Published on Let's Talk Development

Highway to success

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Infrastructure is an essential ingredient for economic development and growth. Transport infrastructure, for example, facilitates cheaper and more efficient movement of goods, people and ideas across places. It also impacts the distribution of economic activity and development across regions to the extent that agglomeration economies and efficient sorting can be realized, the levels of competition among industries and concomitant reallocation of inputs towards more productive enterprises are achieved, and much more. Many business leaders, policy makers, and academics report inadequate infrastructure as a critical obstacle to sustained growth that must be resolved.  
Unfortunately, the literature on the economic impacts of transportation networks in developing countries is still small relative to its policy importance, but rapidly emerging. Henderson finds that industrial decentralization in the Republic of Korea is attributable to massive transport and communications infrastructure investments. Baum-Snow et al. show that transport infrastructure aided the decentralization of industrial production and population in Chinese cities. Duranton and Turner show that transportation investments increased city population in the United States.
We examined the impact of the Golden Quadrilateral (GQ) Highway Project in India. The GQ project improved the connection of four major cities in India: Delhi, Mumbai, Chennai, and Kolkata. The GQ system comprised 5,846 km (3,633 miles) of roads connecting many of the major industrial, agricultural, and cultural centers. The GQ project began in 2001, was two-thirds complete by 2005, and mostly finished in 2007.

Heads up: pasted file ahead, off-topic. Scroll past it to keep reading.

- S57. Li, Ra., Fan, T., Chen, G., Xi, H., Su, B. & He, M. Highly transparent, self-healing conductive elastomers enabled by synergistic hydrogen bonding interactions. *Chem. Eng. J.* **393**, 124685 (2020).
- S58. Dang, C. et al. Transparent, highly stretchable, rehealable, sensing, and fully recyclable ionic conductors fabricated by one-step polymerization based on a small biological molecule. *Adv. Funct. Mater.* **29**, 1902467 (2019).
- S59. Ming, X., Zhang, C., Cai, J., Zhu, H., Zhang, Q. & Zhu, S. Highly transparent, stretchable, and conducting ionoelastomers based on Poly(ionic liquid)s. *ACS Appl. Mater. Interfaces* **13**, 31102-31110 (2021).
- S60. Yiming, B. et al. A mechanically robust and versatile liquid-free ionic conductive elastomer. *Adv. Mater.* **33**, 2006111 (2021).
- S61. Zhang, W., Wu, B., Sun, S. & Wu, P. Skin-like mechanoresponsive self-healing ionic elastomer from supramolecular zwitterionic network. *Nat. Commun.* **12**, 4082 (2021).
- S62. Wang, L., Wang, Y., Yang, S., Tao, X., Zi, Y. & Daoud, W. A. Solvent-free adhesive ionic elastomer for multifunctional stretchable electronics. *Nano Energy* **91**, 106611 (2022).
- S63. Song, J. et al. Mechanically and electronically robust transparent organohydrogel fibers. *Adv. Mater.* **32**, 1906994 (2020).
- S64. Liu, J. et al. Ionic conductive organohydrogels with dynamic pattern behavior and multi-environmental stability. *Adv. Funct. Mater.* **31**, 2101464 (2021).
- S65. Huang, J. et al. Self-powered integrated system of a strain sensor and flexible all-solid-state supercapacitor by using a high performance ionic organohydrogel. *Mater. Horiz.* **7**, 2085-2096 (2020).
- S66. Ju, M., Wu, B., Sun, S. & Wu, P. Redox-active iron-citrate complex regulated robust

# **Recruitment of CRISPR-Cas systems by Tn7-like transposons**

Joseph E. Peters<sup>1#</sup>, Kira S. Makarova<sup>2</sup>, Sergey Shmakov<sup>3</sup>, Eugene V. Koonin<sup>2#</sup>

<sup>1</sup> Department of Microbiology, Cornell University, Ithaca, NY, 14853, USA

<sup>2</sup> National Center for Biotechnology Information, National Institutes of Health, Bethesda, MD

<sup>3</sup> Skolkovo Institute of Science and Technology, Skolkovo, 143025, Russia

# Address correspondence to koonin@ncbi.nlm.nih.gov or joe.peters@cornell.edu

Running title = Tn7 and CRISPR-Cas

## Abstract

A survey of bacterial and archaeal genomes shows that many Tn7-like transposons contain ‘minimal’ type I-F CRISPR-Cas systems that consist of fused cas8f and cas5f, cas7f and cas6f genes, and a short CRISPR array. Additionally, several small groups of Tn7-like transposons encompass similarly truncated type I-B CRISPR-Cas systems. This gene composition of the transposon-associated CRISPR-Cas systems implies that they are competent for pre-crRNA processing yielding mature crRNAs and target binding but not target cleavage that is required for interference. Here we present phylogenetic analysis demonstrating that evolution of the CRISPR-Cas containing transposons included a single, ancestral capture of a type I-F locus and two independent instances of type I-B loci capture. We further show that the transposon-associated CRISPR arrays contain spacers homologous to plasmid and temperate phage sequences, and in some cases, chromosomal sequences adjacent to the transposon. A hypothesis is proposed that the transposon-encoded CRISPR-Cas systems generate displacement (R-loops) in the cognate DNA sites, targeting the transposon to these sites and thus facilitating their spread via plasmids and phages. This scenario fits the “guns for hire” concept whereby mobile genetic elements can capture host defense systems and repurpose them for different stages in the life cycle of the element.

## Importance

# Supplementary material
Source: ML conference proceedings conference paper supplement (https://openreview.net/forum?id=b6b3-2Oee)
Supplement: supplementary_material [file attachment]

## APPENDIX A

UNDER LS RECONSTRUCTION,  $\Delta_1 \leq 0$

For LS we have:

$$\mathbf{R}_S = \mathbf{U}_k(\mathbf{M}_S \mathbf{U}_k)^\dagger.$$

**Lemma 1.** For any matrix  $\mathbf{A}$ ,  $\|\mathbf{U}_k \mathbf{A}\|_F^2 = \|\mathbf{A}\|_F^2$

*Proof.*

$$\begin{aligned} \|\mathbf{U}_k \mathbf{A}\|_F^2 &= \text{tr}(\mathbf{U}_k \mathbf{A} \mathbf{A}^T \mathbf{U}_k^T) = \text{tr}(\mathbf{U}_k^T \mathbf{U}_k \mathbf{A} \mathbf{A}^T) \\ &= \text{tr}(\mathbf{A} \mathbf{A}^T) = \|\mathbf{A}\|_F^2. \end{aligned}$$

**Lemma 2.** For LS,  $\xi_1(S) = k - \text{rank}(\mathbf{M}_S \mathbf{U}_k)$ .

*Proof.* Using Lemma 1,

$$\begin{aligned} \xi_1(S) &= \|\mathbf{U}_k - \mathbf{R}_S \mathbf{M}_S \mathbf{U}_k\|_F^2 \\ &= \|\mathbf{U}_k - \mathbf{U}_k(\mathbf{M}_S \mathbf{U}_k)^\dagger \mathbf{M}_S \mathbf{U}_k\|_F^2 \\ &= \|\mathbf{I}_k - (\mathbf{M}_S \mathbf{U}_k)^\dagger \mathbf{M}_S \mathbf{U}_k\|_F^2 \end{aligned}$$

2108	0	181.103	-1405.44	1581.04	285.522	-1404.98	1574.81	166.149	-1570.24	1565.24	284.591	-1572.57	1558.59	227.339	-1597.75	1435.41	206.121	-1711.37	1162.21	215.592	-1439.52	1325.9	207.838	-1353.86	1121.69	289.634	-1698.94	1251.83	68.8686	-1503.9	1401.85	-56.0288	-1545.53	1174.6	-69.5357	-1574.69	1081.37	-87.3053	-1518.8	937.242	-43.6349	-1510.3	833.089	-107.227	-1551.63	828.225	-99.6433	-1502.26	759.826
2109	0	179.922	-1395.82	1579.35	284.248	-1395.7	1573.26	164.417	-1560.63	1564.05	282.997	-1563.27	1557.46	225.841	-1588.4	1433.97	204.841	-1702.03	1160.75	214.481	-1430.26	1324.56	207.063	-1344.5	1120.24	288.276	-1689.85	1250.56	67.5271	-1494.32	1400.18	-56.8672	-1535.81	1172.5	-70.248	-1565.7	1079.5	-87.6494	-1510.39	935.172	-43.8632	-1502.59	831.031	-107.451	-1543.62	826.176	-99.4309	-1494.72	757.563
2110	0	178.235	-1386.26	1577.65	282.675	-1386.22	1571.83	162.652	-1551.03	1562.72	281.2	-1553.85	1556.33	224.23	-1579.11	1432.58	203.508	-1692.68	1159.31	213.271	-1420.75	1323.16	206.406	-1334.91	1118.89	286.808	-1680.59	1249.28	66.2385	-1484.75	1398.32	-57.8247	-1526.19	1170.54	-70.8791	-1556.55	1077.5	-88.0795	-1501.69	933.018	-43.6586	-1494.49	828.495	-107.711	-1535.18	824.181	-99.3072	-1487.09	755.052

So what was our finding? Using plant level data, we find that the GQ upgrades facilitated a more natural sorting of land- and building-intensive industries from the nodal districts into periphery locations. This general urban-rural or core-periphery pattern is evident in many countries and is associated with efficient sorting of industry placement. Transport connectivity encouraged decentralization by making intermediate cities more attractive to manufacturing entrants. For instance, moderate-density districts— like Surat in Gujarat or Srikakulam in Andhra Pradesh—that border the GQ highway registered a more than 100 percent increase in new output and new establishment counts after the GQ upgrades. These results suggest that the improved transport connectivity enabled manufacturing establishments to efficiently locate in intermediate cities, but that localization economies prevalent for the sector continue to preclude entry in low density places. More importantly, the upgrades were associated with better allocative efficiency as measured by the extent to which the employment of an industry is contained in the industry’s most productive plants. Industries that were initially positioned along the GQ showed improved allocative efficiency compared to industries initially positioned on the North South-East West Highway that was never built.
Transport has particular importance in India because of government control over land and building rights, leading some observers to state that India has transitioned from its “license Raj” to a “rents Raj.” Given India’s distorted land markets, the heightened connectivity brought about by the GQ upgrades was particularly important for efficient sorting of industry across spatial locations. It also aided efficient sorting of industries and plants within districts.  
Understanding the impacts of infrastructure projects on how it impacts factor allocation, economic growth and the pattern of development are important for policy makers and regional analysis because these impacts identify how infrastructure investments shape the growth of regions and the distribution of industrialization and income.


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